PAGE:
- The Washington Times - Friday, January 31, 2003

WASHINGTON, Jan. 30 (UPI) — The friction between the West and the Islamic world will get worse if there's a war in Iraq and it will become very difficult for Muslims to live in the United States, says Ejaz Haider, a leading Pakistani journalist and Brookings scholar who was temporarily detained by the Immigration and Naturalization Service.

Arrested outside the Brookings Institution in Washington on Tuesday, Haider was released only after Brookings President and former Deputy Secretary of State Strobe Talbott spoke with a senior State Department official — Assistant Secretary Christine Rocca — and requested her to get him out of the INS cell.

"On four separate occasions — sometimes publicly, sometimes privately — I had to talk to the Pakistan government to get journalists released. I never thought I will see the day when I had to approach my own government to have them release a journalist," says Stephen P. Cohen, head of the Brookings South Asia program for which Haider worked.

In an interview with United Press International, Haider says the incident has so unnerved him that he is planning to return to Pakistan before his scheduled departure in March this year.

Q: How do you feel about your detention?

A: Very upset, not just because this has happened to me but because it has happened to hundreds of other people and is likely to happen to hundreds of others in future as well. It is a faulty policy, bad at both ends. It's something that needs to be seriously reviewed.

Q: Well, the policy aims at protecting the United States against possible terrorist attacks and that's what the INS says it is doing. So what's wrong with it?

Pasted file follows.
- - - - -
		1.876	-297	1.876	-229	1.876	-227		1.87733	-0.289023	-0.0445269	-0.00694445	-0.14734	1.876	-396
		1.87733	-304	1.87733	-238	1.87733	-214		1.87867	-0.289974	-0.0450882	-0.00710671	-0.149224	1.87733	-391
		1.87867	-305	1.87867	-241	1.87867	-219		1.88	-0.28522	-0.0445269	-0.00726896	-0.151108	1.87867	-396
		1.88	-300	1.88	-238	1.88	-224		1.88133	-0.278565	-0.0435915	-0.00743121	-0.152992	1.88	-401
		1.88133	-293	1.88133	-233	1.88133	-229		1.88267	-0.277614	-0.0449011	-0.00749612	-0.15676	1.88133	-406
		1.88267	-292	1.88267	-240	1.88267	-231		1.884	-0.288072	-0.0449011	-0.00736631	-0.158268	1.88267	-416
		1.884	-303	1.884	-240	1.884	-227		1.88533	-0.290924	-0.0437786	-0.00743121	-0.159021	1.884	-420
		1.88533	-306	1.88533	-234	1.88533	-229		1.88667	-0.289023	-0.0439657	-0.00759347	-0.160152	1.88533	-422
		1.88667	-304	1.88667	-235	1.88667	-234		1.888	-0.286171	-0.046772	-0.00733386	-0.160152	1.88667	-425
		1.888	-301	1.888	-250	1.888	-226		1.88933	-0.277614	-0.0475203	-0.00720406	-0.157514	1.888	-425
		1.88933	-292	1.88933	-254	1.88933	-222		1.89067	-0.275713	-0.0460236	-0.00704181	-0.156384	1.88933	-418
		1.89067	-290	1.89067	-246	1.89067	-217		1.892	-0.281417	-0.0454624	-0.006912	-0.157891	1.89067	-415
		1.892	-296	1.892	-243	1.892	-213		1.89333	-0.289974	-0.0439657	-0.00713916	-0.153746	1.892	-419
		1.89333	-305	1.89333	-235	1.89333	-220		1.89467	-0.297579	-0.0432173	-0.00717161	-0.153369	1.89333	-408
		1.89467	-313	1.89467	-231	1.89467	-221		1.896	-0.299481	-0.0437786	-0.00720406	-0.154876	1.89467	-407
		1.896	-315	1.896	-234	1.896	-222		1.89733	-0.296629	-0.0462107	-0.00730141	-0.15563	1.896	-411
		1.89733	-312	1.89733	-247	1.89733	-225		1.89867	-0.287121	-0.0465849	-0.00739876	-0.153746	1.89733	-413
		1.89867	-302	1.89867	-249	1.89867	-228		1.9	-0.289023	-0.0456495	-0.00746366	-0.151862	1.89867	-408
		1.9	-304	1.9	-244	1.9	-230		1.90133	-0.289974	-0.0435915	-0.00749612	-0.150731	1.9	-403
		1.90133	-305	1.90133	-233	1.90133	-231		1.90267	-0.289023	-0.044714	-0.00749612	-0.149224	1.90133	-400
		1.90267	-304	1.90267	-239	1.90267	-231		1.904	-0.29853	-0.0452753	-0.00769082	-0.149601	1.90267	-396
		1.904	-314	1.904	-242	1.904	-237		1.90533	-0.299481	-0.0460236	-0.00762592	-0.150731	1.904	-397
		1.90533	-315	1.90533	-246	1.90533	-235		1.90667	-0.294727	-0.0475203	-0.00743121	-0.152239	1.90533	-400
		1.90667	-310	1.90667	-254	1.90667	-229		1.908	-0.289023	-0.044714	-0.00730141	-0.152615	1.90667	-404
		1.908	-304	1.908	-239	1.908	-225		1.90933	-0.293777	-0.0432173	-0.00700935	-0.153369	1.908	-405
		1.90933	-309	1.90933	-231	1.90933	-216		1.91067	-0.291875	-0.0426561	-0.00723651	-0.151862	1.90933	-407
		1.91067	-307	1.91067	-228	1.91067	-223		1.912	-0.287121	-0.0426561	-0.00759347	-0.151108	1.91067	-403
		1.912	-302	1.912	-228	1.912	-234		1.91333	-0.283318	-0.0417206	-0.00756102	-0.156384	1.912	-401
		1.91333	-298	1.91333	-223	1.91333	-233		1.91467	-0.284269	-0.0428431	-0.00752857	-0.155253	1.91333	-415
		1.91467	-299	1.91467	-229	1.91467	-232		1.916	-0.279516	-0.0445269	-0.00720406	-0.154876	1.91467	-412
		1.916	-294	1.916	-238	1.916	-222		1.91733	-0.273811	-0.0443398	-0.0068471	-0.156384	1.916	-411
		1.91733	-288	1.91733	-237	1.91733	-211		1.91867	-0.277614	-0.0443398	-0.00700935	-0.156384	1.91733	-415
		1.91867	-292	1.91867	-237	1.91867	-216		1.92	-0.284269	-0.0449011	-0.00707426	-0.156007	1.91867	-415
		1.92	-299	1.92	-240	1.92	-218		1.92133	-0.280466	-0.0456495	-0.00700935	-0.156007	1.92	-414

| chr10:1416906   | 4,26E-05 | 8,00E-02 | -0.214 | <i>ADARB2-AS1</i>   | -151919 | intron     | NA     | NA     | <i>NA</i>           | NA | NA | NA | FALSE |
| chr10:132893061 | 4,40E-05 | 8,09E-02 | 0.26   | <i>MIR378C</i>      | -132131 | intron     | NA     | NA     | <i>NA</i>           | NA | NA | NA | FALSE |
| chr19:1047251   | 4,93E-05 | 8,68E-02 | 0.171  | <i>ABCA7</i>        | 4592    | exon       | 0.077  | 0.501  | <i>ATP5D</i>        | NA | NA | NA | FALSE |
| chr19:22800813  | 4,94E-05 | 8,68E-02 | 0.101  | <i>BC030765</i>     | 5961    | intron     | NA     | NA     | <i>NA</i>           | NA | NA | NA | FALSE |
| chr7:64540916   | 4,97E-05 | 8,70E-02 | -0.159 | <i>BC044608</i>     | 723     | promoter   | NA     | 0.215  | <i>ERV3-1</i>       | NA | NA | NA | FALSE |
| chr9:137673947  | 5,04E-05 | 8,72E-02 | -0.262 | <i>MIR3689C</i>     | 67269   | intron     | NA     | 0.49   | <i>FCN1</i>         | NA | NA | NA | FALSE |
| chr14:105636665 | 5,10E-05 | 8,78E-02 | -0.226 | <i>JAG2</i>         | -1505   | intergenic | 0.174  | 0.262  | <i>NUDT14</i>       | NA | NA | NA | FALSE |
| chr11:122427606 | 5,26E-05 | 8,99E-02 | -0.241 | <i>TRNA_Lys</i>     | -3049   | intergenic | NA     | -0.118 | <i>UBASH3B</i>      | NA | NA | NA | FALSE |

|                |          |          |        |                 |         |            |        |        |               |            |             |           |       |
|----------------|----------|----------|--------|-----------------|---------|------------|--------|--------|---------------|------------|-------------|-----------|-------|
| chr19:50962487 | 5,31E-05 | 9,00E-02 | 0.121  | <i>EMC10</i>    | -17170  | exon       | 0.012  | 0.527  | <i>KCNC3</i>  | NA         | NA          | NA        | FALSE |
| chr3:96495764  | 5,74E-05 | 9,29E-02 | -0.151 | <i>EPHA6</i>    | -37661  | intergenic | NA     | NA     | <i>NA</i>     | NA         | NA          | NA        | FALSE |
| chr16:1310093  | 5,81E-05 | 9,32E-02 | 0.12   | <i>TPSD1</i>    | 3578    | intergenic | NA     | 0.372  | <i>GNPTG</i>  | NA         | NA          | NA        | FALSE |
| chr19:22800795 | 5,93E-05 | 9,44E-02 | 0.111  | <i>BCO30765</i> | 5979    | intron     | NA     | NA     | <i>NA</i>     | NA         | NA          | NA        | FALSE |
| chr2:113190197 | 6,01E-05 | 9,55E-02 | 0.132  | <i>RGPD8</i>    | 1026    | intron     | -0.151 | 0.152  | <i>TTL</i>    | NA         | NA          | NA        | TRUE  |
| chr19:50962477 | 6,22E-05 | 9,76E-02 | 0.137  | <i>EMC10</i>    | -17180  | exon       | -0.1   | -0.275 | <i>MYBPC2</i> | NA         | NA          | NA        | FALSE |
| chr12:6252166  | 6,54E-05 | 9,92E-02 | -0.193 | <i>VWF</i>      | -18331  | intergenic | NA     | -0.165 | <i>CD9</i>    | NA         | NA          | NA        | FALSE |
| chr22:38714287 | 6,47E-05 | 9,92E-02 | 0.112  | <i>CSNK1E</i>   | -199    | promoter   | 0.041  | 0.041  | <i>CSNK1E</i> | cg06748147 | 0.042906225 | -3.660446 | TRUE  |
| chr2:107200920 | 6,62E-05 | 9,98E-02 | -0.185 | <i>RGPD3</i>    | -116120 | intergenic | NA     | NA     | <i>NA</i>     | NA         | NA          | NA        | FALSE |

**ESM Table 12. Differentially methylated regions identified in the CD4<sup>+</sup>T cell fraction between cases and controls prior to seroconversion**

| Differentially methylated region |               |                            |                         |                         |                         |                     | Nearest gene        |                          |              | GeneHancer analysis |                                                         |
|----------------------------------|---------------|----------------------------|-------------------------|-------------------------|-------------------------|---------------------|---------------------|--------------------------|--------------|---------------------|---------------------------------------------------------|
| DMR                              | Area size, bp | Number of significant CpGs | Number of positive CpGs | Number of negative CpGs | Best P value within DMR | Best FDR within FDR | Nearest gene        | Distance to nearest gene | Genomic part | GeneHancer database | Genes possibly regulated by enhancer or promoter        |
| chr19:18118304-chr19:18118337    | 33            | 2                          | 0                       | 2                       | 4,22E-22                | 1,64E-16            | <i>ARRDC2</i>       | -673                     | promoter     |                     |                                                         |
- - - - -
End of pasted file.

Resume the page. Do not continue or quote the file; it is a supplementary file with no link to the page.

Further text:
A: The entire policy essentially discriminates against the Islamic world itself. It runs contrary to the U.S. government objective to reach out to the Islamic world. On the one hand, they are asking this question "Why do they hate us," and on the other they have this policy that undermines their objective.

Q: Do you think the intention is to discourage Muslims from visiting America or living here?

A: I wouldn't go to the extent of saying that. There's a lot of opposition within the government to this policy. That may be the case with some of the ideologues, but that's not what the majority of the Americans want. But if that's what the policy is, then we are facing a dangerous situation.

Q: What impact has the detention had on you?

A: I am very upset. It was like, a kind of violation of my privacy, an assault on my dignity. I have a good reason to feel that way.

Q: But the INS says that its action was legally justified because you did violate a U.S. law by not registering within 40 days of your arrival in the United States. What do you say?

A: Legally right? I don't think they were legally right. I don't think the INS has explained its policy very well. They keep putting countries on and off the list. When I came Pakistan was not on the list (of countries whose adult male nationals are required to register) and I checked with the INS and the State Department. And they told me I did not have to register. So I just forgot all about it and got busy with my work. If I was detained like this, you can imagine how a common person would feel who does not have the kind of (support that I do).

Q: How long did they keep you in detention?

A: Four or five hours. They fingerprinted and photographed me and locked me up in a cell.

Q: Did the two INS officers who came to arrest you show you the warrant?